Governor Jay Inslee orders a statewide school closure to slow the spread of COVID-19 on March 13, 2020.

  • By Jim Kershner
  • Posted 5/12/2020
  • Essay 21036
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Washington Governor Jay Inslee (b. 1951) orders a statewide school closure to slow the spread of COVID-19, on March 13, 2020. Several schools in the Puget Sound region have already been shuttered for more than a week, either to disinfect their buildings or because a student had tested positive. On March 11, Seattle's public schools announce their complete closure. On March 12, Inslee orders the closure of all public and private schools in King, Pierce, and Snohomish counties, the center of the outbreak. Yet with this March 13 announcement, life is about to change for students, teachers and parents in every corner of the state. They have only a few days to prepare, because the closure order takes effect on March 17. School districts from Spokane to Aberdeen scramble to make plans to provide meals for the students who depend on them. Parents scramble to arrange work schedules and childcare. Inslee concedes that this "would cause ripple effects throughout our state," but that "we can't afford not to do it" ("Inslee Announces School Closures"). The closure order runs through April 24, but on April 6, Inslee extends the closure through the end of the school year.

"A Very Difficult Judgment Call"

This proved to be a pivotal moment in the state's COVID-19 crisis, because the order fundamentally disrupted the daily routines of more than a million students and their parents. Although the statewide "Stay Home-Stay Healthy" order was still 10 days in the future, this order had similar repercussions for families with children. Working parents now had little choice but to stay home with their children -- or to arrange increasingly scarce childcare.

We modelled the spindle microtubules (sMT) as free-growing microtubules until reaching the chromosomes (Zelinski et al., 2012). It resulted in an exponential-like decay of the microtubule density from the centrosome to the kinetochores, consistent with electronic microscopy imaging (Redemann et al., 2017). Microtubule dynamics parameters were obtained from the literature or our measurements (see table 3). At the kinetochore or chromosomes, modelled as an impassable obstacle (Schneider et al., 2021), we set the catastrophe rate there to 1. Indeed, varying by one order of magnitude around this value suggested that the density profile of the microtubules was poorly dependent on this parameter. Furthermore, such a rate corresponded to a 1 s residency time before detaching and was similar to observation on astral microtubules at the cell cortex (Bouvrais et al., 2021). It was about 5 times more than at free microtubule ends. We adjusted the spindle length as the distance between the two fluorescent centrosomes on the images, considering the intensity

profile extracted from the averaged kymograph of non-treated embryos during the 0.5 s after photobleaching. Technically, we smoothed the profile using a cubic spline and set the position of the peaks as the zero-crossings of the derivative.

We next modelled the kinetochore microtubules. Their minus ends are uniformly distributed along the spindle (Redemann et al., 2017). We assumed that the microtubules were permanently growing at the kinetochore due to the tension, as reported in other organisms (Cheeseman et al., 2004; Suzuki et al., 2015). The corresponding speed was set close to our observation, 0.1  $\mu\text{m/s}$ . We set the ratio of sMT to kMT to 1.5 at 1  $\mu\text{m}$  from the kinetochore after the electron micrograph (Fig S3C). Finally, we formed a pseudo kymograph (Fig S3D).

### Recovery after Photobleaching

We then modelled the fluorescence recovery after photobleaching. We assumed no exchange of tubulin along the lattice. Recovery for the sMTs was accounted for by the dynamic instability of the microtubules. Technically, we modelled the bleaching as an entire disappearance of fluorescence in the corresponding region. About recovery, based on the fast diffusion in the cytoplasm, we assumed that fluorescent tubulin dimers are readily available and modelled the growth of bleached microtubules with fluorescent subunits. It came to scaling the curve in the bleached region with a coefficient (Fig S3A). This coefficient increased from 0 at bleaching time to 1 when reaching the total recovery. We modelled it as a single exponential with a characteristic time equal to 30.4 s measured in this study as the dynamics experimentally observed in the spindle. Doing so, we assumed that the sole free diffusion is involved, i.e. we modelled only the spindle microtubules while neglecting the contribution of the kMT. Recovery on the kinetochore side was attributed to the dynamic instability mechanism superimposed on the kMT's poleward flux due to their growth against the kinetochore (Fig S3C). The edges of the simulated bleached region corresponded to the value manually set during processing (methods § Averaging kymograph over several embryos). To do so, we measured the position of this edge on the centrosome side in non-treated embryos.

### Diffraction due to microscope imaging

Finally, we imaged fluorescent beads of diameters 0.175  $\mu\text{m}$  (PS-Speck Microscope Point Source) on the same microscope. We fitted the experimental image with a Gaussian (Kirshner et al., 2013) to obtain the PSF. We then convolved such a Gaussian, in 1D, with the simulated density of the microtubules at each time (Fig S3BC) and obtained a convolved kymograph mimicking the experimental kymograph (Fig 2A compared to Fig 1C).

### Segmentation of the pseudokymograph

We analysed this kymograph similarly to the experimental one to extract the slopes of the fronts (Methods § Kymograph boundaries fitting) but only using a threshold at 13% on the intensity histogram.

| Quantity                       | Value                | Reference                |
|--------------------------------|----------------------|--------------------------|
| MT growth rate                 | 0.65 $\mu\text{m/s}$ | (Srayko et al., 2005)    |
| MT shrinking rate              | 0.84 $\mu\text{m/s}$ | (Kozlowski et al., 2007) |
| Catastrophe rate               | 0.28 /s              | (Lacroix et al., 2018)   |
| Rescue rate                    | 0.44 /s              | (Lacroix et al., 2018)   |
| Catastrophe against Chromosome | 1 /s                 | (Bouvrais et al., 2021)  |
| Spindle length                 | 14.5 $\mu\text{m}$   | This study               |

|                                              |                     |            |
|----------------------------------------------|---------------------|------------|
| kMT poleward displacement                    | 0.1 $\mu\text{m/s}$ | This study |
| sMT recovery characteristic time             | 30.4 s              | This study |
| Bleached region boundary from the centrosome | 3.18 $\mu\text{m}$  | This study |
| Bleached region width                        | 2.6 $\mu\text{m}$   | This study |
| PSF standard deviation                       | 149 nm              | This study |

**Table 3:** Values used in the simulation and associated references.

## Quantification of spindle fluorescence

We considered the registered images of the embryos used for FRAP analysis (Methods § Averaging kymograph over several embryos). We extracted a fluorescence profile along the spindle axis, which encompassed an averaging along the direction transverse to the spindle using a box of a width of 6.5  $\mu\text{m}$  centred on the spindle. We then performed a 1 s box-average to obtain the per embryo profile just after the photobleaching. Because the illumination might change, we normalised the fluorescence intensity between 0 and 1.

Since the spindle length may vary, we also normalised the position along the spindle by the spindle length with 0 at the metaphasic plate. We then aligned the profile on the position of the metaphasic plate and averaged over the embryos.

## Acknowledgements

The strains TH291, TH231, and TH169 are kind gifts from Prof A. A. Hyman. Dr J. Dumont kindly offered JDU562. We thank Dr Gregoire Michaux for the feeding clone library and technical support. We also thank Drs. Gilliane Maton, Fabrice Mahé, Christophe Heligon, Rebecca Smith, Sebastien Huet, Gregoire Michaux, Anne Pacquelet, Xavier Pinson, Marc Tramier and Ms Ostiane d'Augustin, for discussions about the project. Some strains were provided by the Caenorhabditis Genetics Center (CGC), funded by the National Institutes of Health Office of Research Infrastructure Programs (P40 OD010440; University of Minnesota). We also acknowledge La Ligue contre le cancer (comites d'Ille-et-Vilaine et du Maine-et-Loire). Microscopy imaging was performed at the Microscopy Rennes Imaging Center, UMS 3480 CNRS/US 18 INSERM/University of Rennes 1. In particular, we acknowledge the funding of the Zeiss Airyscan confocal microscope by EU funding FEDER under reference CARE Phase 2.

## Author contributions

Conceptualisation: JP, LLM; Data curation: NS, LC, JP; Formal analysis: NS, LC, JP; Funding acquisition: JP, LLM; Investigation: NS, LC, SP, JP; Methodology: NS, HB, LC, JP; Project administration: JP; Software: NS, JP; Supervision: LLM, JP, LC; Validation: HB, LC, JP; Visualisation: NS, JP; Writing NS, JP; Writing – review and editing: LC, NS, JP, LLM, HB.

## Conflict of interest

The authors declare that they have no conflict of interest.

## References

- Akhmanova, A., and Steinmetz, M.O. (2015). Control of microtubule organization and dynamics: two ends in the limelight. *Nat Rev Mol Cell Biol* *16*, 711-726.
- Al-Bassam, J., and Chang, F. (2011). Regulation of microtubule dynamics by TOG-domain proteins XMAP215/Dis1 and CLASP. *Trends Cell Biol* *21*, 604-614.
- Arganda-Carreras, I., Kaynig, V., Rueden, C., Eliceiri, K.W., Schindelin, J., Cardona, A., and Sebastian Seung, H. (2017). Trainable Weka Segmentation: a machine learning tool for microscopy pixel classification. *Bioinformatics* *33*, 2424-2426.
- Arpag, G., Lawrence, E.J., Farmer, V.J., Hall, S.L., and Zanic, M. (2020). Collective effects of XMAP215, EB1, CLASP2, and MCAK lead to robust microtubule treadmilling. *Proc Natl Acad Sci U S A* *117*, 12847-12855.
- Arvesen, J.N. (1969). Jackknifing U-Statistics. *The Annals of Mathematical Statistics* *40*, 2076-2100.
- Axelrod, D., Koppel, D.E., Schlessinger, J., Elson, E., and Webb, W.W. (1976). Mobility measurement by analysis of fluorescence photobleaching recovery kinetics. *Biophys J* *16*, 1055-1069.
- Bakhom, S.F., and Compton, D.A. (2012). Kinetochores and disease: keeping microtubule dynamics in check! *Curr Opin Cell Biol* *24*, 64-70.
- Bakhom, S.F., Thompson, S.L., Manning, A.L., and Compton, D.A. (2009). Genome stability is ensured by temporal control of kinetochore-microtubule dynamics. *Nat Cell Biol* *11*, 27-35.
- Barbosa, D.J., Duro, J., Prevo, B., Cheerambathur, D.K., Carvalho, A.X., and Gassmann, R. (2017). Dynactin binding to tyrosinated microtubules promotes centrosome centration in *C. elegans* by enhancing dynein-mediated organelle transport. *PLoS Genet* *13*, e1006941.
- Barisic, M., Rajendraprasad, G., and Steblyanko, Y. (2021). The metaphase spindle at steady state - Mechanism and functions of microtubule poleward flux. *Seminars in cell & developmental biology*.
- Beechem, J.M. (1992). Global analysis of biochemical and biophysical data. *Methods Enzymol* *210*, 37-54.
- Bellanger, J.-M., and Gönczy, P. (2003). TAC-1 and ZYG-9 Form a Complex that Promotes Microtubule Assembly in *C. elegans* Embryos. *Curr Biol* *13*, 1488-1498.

Inslee called the school order "a very difficult judgment call," but said that a "county-by-county approach to this epidemic is not sufficient" (Dreher). On the same day, Inslee issued a statewide ban on all gatherings of more than 250 people, a ban that he had already imposed on King, Pierce, and Snohomish counties. He also announced new restrictions on universities and other post-secondary schools.

These sweeping measures were intended to tamp down an increasingly volatile medical crisis. The COVID-19 infections, originally centered in the Puget Sound area, were now spreading throughout the state. Inslee laid out the rationale in his March 13 school-closure proclamation: "Confirmed cases of COVID-19 have now spread to 15 counties in Washington State, which represents 75% of the State's population, and the number of positive test results have increased 29% in the last four days ... [and] while we do not fully understand the role children have in transmitting the virus, we do know they have a significant role in transmitting other respiratory viruses" ("Proclamation 20-09"). Inslee said "it was necessary to implement additional stringent measures to limit opportunities for disease transmission statewide beyond King, Pierce, and Snohomish counties" ("Proclamation 20-09").

Officials were fully aware of the serious implications of closing every school in the state. Parents might have to quit working to care for their children -- and some of those parents might be essential medical care workers. Thousands of kids relied on school lunches and the services of school nurses. How would those children be served? Incidents of domestic violence might even increase.

Yet officials were also aware that closing schools sent an important and unmistakable message about the increasing gravity of the medical crisis. "We're accustomed to schools closing when something really serious happens," King County Executive Dow Constantine (b. 1961) later said. "It was a way to speed up people's perceptions -- to send a message they could understand" (Duhigg).